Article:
Polls are for suckers

    When did polls become part of the tabloid gossip? Forget Paul McCartney’s divorce woes, we have numbers to debate! Every other day there are published results of scientifically dubious polls capturing the attention of even those only marginally interested in politics. I can make this assessment because of their prevalence on the local news, which nobody really watches for the political updates. That’s right, KATU, Fox, KGW and KOIN, I’m calling you out and saying that I really think your coverage of this election was and is hapless and pitiable, save the mention of a few polls brought out to increase the sexiness factor of campaign controversy.

    Presidential speech writer Robert Orben once asked the important question, “Do you ever get the feeling that the only reason we have elections is to find out if the polls were right?” I would answer Mr. Orben by saying that the only reason we have polls is to undermine participation in elections. What functions are we ascribing to the polls in our decisions and rationalizations? Are they beneficial to the public at large, giving us major insight into how our neighbors think about the issues at stake? It is true that the answers to these questions are complicated and worthy of debate. For me, the simple answer is no.

    Americans love to follow the breakdown of a good poll. We do not like answering the phone and actually taking the time to answer the questions of the monotonous voice on the other line, but we like a breakdown of the views of those around us so that we know where we fall on the spectrum. I do not think that polls leaning in either direction on a policy issue serve to change the ideas or decisions made by any individual voter. I do think, however, that by providing compiled information, pollsters do each candidate and issue a disservice.

    The election cycle is as sadistic as it is incendiary, inflaming passions ignited by either thoughtful participation or anger at the television break from regularly scheduled programming. The democratic process mandates citizen participation by casting votes on issues and persons. Does this participation include answering the phone to participate in polls conducted by special interests/candidates/advocacy groups/public service polling institutions? I don’t think so.

    Political scientists outline four major ways that governments attain legitimacy. These include the citizenry accepting governmental authority because of the government’s ability to produce results. The problem with this reality is that when the tables are turned and governments look to validate the wishes of the public, they assume that public opinion polls are the quintessential way of attaining a collective yes or no on questions of policy.

    What purpose do pre-election day numbers serve in predicting victory or loss? Is it in the best interests of the losing party to release polls, resigning themselves to the potential for loss? Of course it is. If supporters of Ron Saxton were to, hypothetically, cry wolf and report that he may lose, Democrats might see this as an opportunity to not brave the rain and either recycle or file their ballot, feeling safe in their non-participation. This is where polling does its dirty deed by decreasing the virtue of massed-based voting. Polls make us forget that just as important as results are the statistics for voter turnout. This is nowhere more true than for students.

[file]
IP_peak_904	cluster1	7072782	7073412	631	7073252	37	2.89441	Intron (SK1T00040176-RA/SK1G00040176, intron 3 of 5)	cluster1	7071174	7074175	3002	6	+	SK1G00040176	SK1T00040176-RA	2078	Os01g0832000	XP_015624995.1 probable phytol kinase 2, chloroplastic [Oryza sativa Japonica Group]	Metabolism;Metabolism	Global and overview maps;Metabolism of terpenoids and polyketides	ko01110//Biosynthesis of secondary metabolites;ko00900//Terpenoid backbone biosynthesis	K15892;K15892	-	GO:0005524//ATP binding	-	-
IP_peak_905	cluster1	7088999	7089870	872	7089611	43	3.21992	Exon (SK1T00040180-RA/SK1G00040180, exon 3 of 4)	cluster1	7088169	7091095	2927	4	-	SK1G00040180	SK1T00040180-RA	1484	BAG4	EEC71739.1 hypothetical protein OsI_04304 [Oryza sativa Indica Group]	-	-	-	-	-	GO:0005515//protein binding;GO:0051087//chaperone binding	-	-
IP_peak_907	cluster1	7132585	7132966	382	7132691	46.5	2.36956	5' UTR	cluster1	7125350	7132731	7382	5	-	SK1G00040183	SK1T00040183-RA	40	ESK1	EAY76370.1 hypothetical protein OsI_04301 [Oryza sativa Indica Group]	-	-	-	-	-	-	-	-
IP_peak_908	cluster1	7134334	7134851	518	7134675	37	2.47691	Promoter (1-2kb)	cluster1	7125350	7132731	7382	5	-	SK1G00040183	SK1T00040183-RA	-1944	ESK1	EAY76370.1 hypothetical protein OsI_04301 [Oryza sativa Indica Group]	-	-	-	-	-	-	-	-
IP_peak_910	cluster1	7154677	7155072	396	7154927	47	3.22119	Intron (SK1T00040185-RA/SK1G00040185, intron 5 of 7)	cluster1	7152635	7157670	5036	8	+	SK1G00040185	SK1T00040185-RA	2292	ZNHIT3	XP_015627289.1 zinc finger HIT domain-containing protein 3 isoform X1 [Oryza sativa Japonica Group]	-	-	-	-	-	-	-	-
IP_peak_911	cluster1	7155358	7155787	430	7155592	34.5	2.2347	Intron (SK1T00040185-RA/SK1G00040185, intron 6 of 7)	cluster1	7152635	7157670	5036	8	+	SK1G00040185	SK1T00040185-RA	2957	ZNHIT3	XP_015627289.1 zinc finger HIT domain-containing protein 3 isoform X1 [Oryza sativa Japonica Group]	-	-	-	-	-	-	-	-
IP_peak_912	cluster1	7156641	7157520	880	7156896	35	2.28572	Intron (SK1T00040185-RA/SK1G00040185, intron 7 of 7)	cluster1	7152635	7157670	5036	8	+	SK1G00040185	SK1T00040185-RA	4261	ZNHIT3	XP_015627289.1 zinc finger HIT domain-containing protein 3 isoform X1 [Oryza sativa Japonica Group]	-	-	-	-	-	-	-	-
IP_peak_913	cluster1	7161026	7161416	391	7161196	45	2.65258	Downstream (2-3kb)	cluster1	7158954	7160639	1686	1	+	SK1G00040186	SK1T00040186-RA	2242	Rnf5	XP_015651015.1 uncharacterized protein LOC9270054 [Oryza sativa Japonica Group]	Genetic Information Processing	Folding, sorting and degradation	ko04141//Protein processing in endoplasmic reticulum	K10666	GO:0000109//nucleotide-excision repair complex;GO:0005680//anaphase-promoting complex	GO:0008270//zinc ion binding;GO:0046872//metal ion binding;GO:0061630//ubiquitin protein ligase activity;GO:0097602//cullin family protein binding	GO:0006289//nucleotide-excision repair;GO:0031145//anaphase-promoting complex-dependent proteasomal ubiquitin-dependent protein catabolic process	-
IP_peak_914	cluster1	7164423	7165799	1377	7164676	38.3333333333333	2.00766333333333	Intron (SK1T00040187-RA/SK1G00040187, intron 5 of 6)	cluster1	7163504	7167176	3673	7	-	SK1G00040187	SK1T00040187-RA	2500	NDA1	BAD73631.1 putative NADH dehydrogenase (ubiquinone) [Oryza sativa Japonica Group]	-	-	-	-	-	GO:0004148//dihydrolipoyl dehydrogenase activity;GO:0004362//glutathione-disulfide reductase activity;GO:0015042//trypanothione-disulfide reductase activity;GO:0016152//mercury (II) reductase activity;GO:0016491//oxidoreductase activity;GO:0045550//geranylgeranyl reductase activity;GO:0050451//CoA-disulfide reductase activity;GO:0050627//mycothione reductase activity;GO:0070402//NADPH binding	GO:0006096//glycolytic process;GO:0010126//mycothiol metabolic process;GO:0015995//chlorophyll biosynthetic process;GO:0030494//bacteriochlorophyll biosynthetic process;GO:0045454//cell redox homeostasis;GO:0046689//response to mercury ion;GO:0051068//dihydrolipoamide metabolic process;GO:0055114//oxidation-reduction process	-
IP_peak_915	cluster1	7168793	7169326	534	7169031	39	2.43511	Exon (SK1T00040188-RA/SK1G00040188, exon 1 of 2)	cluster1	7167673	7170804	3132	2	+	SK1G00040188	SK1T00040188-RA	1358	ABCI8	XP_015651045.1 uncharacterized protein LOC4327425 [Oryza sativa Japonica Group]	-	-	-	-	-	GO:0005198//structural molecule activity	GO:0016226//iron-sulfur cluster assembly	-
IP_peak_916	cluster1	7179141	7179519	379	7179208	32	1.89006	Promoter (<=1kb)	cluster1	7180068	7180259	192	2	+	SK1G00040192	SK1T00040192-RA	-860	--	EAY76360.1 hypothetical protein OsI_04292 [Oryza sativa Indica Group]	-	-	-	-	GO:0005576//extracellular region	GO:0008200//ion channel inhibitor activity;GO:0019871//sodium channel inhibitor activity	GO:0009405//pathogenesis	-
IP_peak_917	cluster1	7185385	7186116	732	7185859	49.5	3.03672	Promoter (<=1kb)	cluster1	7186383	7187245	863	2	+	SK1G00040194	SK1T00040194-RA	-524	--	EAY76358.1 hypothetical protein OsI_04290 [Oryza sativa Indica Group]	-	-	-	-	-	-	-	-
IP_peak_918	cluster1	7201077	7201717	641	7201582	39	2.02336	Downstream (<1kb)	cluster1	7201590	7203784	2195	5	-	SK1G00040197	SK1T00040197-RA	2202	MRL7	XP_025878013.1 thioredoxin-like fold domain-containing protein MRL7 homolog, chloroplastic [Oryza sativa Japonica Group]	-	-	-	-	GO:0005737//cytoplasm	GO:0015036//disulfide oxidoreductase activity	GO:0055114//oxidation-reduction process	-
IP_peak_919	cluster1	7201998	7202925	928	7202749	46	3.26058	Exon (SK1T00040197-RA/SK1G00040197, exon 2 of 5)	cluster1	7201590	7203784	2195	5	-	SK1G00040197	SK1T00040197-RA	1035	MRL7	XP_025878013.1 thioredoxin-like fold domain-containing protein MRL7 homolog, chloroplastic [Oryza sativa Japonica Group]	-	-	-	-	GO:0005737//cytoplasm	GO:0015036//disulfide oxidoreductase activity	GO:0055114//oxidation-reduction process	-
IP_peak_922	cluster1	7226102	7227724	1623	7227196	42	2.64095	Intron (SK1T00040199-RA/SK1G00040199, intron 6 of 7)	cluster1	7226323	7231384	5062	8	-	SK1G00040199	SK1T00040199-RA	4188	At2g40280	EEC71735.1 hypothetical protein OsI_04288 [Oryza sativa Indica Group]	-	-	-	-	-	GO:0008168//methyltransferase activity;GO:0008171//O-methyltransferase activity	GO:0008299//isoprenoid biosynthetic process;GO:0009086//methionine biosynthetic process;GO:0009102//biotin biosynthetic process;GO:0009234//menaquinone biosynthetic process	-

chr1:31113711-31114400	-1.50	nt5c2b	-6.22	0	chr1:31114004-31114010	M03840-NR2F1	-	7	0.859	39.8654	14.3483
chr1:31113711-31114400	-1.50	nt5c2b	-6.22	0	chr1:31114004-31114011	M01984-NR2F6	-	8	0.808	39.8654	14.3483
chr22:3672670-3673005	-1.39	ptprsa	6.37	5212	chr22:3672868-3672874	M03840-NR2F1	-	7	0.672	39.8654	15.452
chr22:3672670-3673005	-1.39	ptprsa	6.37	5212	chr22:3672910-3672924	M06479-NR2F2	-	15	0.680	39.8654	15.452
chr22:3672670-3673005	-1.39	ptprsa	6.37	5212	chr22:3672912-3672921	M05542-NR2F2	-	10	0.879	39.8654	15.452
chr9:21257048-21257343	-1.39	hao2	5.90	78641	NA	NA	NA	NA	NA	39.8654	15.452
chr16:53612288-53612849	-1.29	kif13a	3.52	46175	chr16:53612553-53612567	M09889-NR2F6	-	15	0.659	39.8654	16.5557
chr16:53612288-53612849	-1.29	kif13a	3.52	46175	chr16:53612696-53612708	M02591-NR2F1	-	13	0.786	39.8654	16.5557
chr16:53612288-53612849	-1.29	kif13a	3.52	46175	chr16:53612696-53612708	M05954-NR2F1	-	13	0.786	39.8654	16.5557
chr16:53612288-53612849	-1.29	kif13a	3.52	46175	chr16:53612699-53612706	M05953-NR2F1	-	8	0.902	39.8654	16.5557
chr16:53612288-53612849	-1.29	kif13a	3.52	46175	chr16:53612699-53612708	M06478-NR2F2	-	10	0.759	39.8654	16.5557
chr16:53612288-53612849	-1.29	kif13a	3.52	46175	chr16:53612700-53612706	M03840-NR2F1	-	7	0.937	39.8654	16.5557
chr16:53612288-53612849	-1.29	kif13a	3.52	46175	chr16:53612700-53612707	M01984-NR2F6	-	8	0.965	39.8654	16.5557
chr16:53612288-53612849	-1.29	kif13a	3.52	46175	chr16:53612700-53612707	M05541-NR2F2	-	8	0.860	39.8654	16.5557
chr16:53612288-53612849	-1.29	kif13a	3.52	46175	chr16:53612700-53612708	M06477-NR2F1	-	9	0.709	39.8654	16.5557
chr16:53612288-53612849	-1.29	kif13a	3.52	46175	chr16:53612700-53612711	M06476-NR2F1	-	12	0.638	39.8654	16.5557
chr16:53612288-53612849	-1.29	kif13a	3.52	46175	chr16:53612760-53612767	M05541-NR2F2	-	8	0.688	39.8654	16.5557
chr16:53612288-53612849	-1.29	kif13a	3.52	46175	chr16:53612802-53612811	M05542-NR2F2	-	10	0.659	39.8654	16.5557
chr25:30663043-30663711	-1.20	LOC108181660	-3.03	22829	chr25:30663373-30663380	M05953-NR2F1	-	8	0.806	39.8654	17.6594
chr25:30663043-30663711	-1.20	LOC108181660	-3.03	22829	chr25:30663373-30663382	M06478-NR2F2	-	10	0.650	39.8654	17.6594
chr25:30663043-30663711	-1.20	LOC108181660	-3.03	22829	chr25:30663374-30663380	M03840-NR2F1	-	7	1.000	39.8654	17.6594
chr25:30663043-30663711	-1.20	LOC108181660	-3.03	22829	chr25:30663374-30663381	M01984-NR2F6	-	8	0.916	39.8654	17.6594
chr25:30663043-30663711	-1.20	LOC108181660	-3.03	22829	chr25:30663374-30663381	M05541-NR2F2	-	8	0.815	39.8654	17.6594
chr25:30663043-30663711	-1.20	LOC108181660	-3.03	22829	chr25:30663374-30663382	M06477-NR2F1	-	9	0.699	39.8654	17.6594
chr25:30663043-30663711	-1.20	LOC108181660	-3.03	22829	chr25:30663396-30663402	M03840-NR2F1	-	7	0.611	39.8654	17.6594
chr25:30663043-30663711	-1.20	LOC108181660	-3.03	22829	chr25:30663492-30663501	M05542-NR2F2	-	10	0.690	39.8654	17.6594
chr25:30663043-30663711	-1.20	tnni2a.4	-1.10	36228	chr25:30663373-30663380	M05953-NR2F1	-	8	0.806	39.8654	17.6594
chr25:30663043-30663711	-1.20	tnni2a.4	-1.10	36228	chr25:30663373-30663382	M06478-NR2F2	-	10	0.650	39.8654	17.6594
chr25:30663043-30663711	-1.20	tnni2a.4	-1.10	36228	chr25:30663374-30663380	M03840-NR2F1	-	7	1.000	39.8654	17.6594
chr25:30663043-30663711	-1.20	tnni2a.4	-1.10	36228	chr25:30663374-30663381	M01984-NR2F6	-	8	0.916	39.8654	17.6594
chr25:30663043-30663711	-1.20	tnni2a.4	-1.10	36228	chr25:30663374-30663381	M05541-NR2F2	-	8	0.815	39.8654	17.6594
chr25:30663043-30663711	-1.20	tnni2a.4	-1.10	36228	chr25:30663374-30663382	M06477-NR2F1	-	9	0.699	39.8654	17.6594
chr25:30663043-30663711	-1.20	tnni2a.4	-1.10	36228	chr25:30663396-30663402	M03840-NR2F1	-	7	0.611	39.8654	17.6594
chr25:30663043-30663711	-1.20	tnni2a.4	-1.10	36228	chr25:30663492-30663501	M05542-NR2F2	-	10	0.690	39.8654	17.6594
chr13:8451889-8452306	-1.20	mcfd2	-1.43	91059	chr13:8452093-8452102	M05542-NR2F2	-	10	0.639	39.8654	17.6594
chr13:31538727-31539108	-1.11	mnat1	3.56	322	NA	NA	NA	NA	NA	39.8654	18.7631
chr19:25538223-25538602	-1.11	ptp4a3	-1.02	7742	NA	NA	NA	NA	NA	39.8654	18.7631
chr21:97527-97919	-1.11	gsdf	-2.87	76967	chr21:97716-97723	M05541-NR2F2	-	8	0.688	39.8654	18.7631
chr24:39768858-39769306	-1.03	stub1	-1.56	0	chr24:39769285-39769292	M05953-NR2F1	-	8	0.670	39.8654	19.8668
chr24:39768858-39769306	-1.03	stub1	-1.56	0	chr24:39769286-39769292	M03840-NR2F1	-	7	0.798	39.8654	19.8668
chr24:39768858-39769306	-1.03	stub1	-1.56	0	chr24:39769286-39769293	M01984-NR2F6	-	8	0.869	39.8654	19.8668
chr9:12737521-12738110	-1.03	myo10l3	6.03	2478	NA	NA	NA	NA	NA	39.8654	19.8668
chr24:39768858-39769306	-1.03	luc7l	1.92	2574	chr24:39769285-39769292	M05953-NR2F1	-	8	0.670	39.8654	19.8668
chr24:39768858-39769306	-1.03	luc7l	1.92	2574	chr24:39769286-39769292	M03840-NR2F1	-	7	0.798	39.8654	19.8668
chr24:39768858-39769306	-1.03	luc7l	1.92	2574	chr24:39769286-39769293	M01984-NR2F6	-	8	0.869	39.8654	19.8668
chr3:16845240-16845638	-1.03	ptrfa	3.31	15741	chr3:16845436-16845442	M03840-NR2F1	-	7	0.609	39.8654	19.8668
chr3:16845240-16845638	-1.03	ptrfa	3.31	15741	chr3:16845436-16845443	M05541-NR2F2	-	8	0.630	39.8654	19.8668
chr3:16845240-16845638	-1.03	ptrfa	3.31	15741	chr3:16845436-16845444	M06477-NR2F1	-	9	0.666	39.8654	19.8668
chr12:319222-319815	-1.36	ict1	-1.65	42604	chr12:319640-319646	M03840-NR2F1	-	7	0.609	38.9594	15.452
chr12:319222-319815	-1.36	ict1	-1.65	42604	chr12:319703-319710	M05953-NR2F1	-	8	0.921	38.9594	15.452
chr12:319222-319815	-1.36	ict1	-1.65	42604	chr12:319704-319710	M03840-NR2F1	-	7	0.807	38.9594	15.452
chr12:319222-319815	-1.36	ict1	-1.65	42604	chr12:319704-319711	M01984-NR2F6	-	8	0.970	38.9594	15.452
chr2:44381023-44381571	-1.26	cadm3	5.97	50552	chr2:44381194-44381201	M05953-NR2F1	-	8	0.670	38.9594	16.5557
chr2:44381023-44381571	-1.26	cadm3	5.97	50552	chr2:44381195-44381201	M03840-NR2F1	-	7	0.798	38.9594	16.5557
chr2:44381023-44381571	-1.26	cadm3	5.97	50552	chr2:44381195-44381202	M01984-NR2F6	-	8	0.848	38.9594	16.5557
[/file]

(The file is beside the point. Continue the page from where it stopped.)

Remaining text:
The National Council on Public Polls has laid out 20 questions that journalists should ask about polls before being comfortable enough to report on them. My personal favorite is the question, “what kind of factors can skew poll results?” Besides all the technical factors, such as sample size, margins of error, and question wording, there is also the problem of context. Questions posed at the height of a campaign season can be put into context many different ways, but it may be most valuable for participants to create their own context. What are the values and beliefs you want to see advanced in government? I know this may lead to the absence of big-picture considerations and this is why our democracy is merely representative and not direct.

    Is the anticipation of Election Day getting to be too much for us? I know that my internal roller coaster learns a new triple flip and sends my emotions topsy-turvy every time the pendulum swings either way on Measure 43. Election results are not supposed to have margins of error, but political junkies live and breathe for the chance that their causes will be won.

    These are the last days, folks. Depending on when this article is published, you may or may not know the election results, and are either partying like it’s 1999 or comatose in your living room, channeling the end of the world because a little too late do we find out that these neo-con Republicans really do hate freedom. Either way, if you have voted, pat yourself on the back. Oh, and don’t forget to listen for the phone. Somebody, somewhere, wants to poll your reaction to Election Day revelations.